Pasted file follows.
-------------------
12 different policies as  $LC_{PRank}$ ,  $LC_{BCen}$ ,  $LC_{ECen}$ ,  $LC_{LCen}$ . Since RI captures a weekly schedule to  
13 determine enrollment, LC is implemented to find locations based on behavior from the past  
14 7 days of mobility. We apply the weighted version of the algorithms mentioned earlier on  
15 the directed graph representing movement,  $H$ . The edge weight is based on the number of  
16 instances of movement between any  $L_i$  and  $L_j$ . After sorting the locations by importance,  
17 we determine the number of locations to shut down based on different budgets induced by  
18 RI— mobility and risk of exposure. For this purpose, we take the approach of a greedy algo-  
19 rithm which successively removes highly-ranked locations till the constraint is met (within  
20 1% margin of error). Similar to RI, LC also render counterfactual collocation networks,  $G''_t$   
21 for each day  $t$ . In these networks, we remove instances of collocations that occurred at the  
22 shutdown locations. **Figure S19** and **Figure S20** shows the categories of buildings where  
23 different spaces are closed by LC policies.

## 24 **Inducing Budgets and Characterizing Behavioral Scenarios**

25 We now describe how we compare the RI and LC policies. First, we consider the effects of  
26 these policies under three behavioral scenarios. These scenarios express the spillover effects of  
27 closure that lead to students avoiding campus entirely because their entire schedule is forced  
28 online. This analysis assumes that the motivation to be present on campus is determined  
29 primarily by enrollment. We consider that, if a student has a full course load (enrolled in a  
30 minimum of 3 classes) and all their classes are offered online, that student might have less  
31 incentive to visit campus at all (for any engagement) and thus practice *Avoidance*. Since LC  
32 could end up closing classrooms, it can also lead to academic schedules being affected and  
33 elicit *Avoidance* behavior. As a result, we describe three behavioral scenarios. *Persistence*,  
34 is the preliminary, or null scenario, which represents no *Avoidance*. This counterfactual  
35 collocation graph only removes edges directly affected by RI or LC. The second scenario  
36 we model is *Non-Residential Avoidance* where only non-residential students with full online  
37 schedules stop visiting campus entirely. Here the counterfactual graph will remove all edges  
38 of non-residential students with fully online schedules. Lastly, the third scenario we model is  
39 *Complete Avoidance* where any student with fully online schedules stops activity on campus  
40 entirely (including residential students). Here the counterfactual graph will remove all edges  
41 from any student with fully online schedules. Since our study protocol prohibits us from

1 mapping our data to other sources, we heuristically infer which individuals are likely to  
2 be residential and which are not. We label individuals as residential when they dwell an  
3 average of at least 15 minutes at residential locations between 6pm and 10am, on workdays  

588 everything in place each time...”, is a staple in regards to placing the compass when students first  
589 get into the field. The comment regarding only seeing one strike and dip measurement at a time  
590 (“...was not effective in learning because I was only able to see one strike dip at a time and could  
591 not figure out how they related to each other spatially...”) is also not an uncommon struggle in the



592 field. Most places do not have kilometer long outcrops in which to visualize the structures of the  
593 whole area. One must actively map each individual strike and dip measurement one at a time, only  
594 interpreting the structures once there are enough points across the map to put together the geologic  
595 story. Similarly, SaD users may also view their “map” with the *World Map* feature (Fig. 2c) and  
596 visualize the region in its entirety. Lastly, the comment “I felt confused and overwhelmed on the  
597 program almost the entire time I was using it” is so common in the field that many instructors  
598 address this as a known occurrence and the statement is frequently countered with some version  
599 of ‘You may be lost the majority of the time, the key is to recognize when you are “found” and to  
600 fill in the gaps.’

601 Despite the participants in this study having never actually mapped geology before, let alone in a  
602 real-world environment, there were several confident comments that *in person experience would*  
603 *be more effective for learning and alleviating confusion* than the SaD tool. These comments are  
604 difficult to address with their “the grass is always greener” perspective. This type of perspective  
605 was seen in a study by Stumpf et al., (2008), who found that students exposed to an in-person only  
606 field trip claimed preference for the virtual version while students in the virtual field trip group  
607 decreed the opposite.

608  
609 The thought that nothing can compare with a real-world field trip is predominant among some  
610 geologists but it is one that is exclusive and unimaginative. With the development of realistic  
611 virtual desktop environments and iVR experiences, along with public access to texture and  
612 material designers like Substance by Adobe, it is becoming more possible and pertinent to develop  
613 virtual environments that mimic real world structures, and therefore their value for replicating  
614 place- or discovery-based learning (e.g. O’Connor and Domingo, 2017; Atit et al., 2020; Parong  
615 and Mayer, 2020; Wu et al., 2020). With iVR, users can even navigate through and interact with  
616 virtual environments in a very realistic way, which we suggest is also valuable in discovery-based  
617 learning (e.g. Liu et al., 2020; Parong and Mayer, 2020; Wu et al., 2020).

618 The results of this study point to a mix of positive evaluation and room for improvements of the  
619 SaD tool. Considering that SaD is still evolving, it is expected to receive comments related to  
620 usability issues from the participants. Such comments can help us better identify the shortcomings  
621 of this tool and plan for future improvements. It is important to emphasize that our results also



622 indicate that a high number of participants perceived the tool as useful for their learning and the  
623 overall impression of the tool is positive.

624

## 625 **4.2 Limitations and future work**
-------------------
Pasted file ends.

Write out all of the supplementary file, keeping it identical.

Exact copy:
12 different policies as  $LC_{PRank}$ ,  $LC_{BCen}$ ,  $LC_{ECen}$ ,  $LC_{LCen}$ . Since RI captures a weekly schedule to  
13 determine enrollment, LC is implemented to find locations based on behavior from the past  
14 7 days of mobility. We apply the weighted version of the algorithms mentioned earlier on  
15 the directed graph representing movement,  $H$ . The edge weight is based on the number of  
16 instances of movement between any  $L_i$  and  $L_j$ . After sorting the locations by importance,  
17 we determine the number of locations to shut down based on different budgets induced by  
18 RI— mobility and risk of exposure. For this purpose, we take the approach of a greedy algo-  
19 rithm which successively removes highly-ranked locations till the constraint is met (within  
20 1% margin of error). Similar to RI, LC also render counterfactual collocation networks,  $G''_t$   
21 for each day  $t$ . In these networks, we remove instances of collocations that occurred at the  
22 shutdown locations. **Figure S19** and **Figure S20** shows the categories of buildings where  
23 different spaces are closed by LC policies.

## 24 **Inducing Budgets and Characterizing Behavioral Scenarios**

25 We now describe how we compare the RI and LC policies. First, we consider the effects of  
26 these policies under three behavioral scenarios. These scenarios express the spillover effects of  
27 closure that lead to students avoiding campus entirely because their entire schedule is forced  
28 online. This analysis assumes that the motivation to be present on campus is determined  
29 primarily by enrollment. We consider that, if a student has a full course load (enrolled in a  
30 minimum of 3 classes) and all their classes are offered online, that student might have less  
31 incentive to visit campus at all (for any engagement) and thus practice *Avoidance*. Since LC  
32 could end up closing classrooms, it can also lead to academic schedules being affected and  
33 elicit *Avoidance* behavior. As a result, we describe three behavioral scenarios. *Persistence*,  
34 is the preliminary, or null scenario, which represents no *Avoidance*. This counterfactual  
35 collocation graph only removes edges directly affected by RI or LC. The second scenario  
36 we model is *Non-Residential Avoidance* where only non-residential students with full online  
37 schedules stop visiting campus entirely. Here the counterfactual graph will remove all edges  
38 of non-residential students with fully online schedules. Lastly, the third scenario we model is  
39 *Complete Avoidance* where any student with fully online schedules stops activity on campus  
40 entirely (including residential students). Here the counterfactual graph will remove all edges  
41 from any student with fully online schedules. Since our study protocol prohibits us from

1 mapping our data to other sources, we heuristically infer which individuals are likely to  
2 be residential and which are not. We label individuals as residential when they dwell an  
3 average of at least 15 minutes at residential locations between 6pm and 10am, on workdays  

588 everything in place each time...”, is a staple in regards to placing the compass when students first  
589 get into the field. The comment regarding only seeing one strike and dip measurement at a time  
590 (“...was not effective in learning because I was only able to see one strike dip at a time and could  
591 not figure out how they related to each other spatially...”) is also not an uncommon struggle in the



592 field. Most places do not have kilometer long outcrops in which to visualize the structures of the  
593 whole area. One must actively map each individual strike and dip measurement one at a time, only  
594 interpreting the structures once there are enough points across the map to put together the geologic  
595 story. Similarly, SaD users may also view their “map” with the *World Map* feature (Fig. 2c) and  
596 visualize the region in its entirety. Lastly, the comment “I felt confused and overwhelmed on the  
597 program almost the entire time I was using it” is so common in the field that many instructors  
598 address this as a known occurrence and the statement is frequently countered with some version  
599 of ‘You may be lost the majority of the time, the key is to recognize when you are “found” and to  
600 fill in the gaps.’

601 Despite the participants in this study having never actually mapped geology before, let alone in a  
602 real-world environment, there were several confident comments that *in person experience would*  
603 *be more effective for learning and alleviating confusion* than the SaD tool. These comments are  
604 difficult to address with their “the grass is always greener” perspective. This type of perspective  
605 was seen in a study by Stumpf et al., (2008), who found that students exposed to an in-person only  
606 field trip claimed preference for the virtual version while students in the virtual field trip group  
607 decreed the opposite.

608  
609 The thought that nothing can compare with a real-world field trip is predominant among some  
610 geologists but it is one that is exclusive and unimaginative. With the development of realistic  
611 virtual desktop environments and iVR experiences, along with public access to texture and  
612 material designers like Substance by Adobe, it is becoming more possible and pertinent to develop  
613 virtual environments that mimic real world structures, and therefore their value for replicating  
614 place- or discovery-based learning (e.g. O’Connor and Domingo, 2017; Atit et al., 2020; Parong  
615 and Mayer, 2020; Wu et al., 2020). With iVR, users can even navigate through and interact with  
616 virtual environments in a very realistic way, which we suggest is also valuable in discovery-based  
617 learning (e.g. Liu et al., 2020; Parong and Mayer, 2020; Wu et al., 2020).

618 The results of this study point to a mix of positive evaluation and room for improvements of the  
619 SaD tool. Considering that SaD is still evolving, it is expected to receive comments related to  
620 usability issues from the participants. Such comments can help us better identify the shortcomings  
621 of this tool and plan for future improvements. It is important to emphasize that our results also



622 indicate that a high number of participants perceived the tool as useful for their learning and the  
623 overall impression of the tool is positive.

624

## 625 **4.2 Limitations and future work**